February
13

CHAI wins €1 million award for innovative approach to saving lives of mothers and newborns

Published February 13th, 2018

BRUSSELS, Feb. 13, 2018 – The Clinton Health Access Initiative, Inc. (CHAI) has been awarded a Horizon Birth Day Prize by the European Commission and the Bill & Melinda Gates Foundation. CHAI is one of three winners, from among 48 applicants, being recognized for a demonstrated and scalable solution to reduce or prevent death during pregnancy and childbirth.

CHAI was recognized for its Integrated Maternal and Neonatal Health (MNH) Approach, which achieved dramatic reductions in mother, newborn and stillbirth mortality rates within 18 months of implementation in Northern Nigeria, and was developed in collaboration with the Nigerian Government and funded by the Norwegian Agency for Development Cooperation (Norad). The Horizon Birth Day Prize Contest is an initiative of the European Commission, which also presents the first place prize. CHAI was awarded one of the additional prizes in the contest by the Bill & Melinda Gates Foundation. The €1 million award was presented at a ceremony in Brussels.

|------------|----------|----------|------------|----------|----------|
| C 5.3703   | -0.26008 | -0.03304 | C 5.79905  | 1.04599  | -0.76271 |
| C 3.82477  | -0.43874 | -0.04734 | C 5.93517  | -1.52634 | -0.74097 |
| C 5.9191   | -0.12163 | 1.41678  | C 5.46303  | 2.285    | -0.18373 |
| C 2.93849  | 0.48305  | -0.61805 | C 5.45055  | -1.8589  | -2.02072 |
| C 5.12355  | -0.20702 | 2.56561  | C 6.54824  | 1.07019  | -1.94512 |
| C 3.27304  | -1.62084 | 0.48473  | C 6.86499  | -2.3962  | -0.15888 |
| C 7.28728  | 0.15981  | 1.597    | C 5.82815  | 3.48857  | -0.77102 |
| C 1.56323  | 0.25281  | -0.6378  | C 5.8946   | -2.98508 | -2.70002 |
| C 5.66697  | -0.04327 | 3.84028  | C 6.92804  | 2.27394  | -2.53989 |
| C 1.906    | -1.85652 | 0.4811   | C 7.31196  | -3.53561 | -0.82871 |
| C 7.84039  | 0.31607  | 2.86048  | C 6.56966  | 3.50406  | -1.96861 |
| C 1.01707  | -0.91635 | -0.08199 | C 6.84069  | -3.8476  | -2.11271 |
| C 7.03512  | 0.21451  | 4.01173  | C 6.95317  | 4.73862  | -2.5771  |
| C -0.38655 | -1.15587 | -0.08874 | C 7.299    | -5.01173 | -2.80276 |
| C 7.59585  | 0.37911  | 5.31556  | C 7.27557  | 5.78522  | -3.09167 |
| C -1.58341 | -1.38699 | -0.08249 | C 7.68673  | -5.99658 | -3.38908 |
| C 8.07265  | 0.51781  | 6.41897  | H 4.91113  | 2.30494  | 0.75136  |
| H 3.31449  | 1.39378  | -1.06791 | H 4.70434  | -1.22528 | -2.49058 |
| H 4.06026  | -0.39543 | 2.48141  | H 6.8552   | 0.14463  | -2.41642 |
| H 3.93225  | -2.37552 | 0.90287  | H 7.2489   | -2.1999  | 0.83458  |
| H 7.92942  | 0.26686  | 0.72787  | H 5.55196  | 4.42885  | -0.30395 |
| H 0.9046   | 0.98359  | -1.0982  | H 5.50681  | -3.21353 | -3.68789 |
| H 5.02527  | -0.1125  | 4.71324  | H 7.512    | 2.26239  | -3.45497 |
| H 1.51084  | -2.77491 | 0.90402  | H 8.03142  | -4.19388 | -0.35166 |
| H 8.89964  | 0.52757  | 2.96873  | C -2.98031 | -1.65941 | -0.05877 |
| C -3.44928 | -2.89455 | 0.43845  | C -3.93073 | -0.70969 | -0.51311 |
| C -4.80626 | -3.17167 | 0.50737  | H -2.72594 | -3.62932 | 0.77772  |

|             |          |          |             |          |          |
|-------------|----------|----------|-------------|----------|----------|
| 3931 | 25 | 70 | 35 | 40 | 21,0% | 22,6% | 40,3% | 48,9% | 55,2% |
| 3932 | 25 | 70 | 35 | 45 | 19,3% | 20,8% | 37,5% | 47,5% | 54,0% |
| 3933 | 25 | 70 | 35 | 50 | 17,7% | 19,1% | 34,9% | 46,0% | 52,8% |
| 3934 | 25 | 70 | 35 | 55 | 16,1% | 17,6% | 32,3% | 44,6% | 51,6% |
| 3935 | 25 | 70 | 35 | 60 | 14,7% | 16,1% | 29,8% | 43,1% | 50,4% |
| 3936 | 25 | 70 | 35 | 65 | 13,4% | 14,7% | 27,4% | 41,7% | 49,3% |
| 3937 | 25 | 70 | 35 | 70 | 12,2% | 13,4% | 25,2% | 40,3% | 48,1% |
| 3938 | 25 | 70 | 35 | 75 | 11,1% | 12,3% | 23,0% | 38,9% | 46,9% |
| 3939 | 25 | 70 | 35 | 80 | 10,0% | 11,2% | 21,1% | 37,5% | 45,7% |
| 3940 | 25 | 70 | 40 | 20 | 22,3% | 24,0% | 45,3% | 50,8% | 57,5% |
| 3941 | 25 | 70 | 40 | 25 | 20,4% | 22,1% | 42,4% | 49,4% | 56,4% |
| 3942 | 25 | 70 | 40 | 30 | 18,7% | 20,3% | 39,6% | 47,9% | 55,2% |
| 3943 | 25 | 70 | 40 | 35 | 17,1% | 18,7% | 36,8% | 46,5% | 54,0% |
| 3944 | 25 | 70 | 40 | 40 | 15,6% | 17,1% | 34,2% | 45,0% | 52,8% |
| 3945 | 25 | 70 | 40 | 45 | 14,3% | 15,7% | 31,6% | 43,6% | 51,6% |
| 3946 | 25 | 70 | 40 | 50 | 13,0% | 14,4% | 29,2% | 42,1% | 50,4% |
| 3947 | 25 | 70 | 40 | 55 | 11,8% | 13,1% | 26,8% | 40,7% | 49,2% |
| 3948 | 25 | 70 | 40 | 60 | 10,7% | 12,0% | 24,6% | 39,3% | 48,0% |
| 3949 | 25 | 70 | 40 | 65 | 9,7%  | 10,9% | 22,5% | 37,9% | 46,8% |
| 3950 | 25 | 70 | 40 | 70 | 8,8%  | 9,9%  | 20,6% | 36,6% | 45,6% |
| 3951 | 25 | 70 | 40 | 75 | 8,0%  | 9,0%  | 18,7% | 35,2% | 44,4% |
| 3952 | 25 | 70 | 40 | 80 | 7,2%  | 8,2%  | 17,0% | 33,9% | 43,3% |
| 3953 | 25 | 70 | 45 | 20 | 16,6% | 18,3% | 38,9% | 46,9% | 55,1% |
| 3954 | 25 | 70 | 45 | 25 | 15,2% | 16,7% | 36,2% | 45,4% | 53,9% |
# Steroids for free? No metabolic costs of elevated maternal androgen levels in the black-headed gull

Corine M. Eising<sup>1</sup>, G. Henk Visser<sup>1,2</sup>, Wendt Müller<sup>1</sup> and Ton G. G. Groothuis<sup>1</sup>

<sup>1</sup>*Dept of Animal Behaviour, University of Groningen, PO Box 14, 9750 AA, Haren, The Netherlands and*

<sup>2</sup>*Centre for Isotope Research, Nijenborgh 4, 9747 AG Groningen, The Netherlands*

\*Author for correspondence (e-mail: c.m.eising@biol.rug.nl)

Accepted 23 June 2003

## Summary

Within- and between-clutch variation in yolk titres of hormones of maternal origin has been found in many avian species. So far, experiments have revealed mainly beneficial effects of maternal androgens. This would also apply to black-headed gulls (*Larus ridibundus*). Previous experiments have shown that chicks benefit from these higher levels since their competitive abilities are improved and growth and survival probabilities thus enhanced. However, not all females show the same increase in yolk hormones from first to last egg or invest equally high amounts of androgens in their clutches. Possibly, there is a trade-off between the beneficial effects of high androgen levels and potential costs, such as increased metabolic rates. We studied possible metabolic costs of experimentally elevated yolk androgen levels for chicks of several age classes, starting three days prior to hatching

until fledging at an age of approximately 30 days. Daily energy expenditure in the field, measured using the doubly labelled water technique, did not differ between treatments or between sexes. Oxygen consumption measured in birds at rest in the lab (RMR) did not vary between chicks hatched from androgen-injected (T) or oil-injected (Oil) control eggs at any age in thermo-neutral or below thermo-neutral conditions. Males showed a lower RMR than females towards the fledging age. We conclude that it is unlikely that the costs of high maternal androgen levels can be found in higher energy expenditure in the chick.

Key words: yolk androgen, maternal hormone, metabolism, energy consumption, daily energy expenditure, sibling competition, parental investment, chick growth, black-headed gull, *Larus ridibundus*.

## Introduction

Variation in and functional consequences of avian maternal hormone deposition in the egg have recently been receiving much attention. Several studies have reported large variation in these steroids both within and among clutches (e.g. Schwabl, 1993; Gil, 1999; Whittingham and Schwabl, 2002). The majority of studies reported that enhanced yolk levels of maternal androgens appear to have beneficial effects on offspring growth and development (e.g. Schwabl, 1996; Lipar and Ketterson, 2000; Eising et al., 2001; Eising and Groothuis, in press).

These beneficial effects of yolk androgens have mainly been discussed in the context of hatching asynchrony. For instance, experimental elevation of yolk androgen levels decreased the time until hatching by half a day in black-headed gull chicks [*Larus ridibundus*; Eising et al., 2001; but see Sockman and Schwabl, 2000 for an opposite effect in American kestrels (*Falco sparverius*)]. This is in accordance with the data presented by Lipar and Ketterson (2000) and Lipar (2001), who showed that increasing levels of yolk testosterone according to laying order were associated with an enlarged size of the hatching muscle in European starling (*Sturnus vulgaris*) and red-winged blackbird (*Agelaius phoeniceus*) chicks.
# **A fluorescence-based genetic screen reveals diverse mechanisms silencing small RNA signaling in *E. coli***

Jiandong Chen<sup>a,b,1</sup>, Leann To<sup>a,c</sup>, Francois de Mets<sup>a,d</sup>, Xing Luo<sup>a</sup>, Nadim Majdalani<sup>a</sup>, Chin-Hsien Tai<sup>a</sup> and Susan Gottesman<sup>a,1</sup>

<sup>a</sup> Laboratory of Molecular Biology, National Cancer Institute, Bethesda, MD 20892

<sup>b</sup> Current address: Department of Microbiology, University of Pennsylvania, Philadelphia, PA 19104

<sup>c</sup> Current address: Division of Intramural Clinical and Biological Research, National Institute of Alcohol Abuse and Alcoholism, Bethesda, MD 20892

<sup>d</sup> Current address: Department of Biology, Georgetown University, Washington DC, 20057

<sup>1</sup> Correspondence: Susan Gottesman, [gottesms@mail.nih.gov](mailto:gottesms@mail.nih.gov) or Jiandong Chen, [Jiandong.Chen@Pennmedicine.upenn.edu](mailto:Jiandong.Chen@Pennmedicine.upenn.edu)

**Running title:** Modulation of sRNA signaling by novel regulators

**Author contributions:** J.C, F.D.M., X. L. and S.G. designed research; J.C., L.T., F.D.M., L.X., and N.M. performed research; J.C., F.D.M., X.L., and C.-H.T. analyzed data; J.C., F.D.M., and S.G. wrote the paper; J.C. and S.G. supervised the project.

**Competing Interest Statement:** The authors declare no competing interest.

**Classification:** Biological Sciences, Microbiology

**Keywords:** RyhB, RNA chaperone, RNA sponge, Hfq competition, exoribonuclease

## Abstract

CHAI’s Integrated MNH Approach focuses on averting the majority of preventable deaths that occur in the 48-hour window around delivery, whether a birth happens at home or in a health facility. The approach involves implementing the interventions necessary to ensure potential complications are identified early to prevent them from becoming life-threatening. Simple interventions are applied immediately to ensure survival, and when required, cases are quickly referred to the appropriate level of the health system.

“We thank the EU and the Gates Foundation for this prize. The award recognizes the work that this approach has done to reduce maternal and neonatal mortality in Nigeria. The approach was undertaken at the service of the Nigerian Government and in particular the communities in Northern Nigeria where we worked; without their partnership, support and ownership, this would not have succeeded. We must also thank the Norwegian Government for making this program possible through their funding commitment to the Nigerian people,” says Dr. Owens Wiwa, CHAI’s Executive Vice President, Regional Director of West and Central Africa.